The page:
When India and China’s foreign ministers met in Moscow on September 10 and reached a “five-point consensus”, it seemed there had finally been a breakthrough in the months-long stand-off at their disputed Himalayan border.
China’s Wang Yi and India’s S Jaishankar agreed to “ease tensions” and “quickly disengage” their troops from eyeball-to-eyeball confrontations backed by tanks and aircraft along the 3,488km undemarcated Line of Actual Control (LAC).
Yet a month later, thousands of troops from both countries are still caught in a tense deadlock – though there have been no skirmishes or exchanges of fire as happened before the September meeting.
As winter sets in amid the high altitudes of the restive Himalayan region, senior military commanders from both sides are expected to meet on Monday for their seventh attempt at negotiating some form of resolution.
Meanwhile, India has signalled a renewed infrastructure push to connect the border areas with the rest of the country – a move analysts say could widen the gulf between New Delhi and Beijing.China, after all, has blamed India’s building of roads and air strips near the border for recent tensions – an accusation countered last month by two Indian officials who told Reuters that Chinese troops had been laying a network of fibre optic cables near one of the summer’s flashpoints.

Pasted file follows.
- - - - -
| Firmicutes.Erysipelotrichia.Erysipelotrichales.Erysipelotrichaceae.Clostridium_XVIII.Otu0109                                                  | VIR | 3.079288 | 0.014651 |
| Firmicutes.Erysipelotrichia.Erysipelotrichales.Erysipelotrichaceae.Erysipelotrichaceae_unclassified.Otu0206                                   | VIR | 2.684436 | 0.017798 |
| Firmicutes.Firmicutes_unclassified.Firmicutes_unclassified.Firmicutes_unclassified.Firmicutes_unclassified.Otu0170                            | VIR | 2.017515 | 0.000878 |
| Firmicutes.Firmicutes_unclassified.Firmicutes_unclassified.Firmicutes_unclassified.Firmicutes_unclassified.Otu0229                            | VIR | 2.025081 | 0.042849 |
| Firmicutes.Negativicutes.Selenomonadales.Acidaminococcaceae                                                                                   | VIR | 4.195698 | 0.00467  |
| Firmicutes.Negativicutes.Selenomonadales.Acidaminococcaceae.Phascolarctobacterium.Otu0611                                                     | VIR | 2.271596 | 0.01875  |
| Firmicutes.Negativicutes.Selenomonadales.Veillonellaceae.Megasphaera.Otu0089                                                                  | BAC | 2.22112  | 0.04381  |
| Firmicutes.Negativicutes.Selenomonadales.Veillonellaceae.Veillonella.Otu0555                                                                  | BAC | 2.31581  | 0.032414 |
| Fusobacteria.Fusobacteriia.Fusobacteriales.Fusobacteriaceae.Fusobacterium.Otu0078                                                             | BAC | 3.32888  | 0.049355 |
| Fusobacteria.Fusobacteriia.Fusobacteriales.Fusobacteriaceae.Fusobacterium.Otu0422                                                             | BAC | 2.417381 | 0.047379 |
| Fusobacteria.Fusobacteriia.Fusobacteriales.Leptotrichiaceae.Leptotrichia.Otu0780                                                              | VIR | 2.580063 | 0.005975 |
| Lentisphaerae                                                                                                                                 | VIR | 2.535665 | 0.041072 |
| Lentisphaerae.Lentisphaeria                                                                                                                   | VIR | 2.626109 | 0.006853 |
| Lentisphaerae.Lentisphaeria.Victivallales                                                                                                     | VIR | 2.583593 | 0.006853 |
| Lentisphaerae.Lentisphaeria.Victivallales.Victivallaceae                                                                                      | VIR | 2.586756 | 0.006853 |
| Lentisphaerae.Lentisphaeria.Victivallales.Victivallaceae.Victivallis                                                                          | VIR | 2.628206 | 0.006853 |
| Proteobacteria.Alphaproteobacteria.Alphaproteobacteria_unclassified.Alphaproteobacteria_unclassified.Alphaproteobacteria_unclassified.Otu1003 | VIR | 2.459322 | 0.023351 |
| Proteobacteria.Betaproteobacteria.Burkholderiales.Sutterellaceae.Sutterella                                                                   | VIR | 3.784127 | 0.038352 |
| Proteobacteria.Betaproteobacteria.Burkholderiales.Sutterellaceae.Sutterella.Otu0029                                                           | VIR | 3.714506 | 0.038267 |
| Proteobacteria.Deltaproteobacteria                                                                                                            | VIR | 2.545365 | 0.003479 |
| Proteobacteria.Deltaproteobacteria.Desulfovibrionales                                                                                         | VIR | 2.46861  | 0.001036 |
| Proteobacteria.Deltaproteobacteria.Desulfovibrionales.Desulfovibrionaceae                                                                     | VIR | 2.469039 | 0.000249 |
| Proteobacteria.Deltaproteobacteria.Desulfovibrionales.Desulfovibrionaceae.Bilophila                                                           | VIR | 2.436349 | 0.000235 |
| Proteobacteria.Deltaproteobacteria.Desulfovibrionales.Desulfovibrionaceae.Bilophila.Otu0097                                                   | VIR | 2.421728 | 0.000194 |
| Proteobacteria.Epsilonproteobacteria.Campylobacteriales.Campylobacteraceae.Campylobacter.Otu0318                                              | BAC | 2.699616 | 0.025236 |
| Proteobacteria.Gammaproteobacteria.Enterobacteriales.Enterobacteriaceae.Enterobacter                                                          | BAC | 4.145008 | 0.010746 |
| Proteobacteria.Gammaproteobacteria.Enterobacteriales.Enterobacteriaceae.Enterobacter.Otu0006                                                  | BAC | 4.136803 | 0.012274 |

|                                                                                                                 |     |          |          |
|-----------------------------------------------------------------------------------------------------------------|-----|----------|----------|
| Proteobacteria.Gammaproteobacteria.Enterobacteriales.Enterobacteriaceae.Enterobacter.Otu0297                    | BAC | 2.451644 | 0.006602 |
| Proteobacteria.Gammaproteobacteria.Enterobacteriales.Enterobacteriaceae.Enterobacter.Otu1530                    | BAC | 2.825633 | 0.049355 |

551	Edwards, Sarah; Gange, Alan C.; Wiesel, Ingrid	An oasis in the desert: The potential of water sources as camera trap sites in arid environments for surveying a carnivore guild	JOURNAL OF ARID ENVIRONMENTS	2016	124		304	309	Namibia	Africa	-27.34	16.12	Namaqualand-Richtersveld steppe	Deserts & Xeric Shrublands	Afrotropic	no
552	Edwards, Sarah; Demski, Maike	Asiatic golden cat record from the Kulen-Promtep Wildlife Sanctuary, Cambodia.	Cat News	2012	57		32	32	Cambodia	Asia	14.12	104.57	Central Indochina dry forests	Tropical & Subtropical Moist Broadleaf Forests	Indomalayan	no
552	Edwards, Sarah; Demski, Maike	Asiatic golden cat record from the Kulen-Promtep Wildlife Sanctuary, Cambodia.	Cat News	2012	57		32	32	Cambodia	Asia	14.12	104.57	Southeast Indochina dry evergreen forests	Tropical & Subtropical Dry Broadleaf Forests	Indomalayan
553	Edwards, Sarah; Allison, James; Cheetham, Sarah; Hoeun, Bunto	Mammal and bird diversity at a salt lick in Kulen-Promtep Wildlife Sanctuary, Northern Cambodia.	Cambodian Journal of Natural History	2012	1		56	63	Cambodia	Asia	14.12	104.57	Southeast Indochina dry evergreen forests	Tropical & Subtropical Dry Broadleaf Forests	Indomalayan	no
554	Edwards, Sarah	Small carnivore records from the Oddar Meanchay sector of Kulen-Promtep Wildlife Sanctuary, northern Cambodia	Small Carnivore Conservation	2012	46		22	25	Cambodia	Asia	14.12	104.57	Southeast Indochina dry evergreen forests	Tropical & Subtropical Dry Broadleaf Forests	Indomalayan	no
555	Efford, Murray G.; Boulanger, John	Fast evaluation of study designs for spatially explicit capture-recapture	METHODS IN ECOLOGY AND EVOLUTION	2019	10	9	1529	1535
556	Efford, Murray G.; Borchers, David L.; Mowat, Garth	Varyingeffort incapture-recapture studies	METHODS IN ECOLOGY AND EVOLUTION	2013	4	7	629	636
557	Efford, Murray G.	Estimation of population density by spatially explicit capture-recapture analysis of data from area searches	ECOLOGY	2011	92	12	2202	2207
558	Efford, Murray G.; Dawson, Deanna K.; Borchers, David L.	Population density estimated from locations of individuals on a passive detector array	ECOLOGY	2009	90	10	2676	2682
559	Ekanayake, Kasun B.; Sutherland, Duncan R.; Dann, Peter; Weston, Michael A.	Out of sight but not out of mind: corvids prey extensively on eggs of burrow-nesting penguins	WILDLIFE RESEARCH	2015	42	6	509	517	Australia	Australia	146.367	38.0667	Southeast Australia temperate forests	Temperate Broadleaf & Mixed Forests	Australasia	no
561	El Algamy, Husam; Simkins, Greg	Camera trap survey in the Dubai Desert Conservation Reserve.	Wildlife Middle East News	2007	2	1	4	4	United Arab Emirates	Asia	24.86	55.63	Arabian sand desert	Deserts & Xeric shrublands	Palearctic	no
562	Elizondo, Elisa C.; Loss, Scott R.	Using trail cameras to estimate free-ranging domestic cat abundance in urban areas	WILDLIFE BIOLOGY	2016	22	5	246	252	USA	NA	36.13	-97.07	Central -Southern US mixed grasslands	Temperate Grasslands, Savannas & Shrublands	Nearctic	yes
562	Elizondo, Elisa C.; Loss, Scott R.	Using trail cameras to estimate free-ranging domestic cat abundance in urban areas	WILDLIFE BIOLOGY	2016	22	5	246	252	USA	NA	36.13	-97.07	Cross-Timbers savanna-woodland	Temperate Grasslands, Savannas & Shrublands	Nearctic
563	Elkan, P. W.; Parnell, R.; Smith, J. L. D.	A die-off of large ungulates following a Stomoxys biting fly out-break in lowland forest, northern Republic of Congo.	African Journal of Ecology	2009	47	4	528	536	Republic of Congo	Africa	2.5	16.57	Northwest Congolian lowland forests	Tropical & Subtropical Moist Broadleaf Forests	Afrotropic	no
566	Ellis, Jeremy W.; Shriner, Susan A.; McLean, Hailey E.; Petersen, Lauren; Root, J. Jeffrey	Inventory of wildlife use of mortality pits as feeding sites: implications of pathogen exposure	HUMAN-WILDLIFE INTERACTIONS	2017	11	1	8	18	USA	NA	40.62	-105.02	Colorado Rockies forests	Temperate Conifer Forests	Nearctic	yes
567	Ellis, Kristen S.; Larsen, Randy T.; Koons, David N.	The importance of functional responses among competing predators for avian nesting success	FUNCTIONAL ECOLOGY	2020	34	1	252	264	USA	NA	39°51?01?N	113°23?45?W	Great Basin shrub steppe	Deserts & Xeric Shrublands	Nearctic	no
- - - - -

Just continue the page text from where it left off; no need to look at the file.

Yun Sun, a senior fellow and director of the Washington-based Stimson Center’s China programme, said in a webinar on October 2 organised by the John Hopkins University School of Advanced International Studies that for her “the origin of the clashes is in this arms race surrounding infrastructure development by both sides”.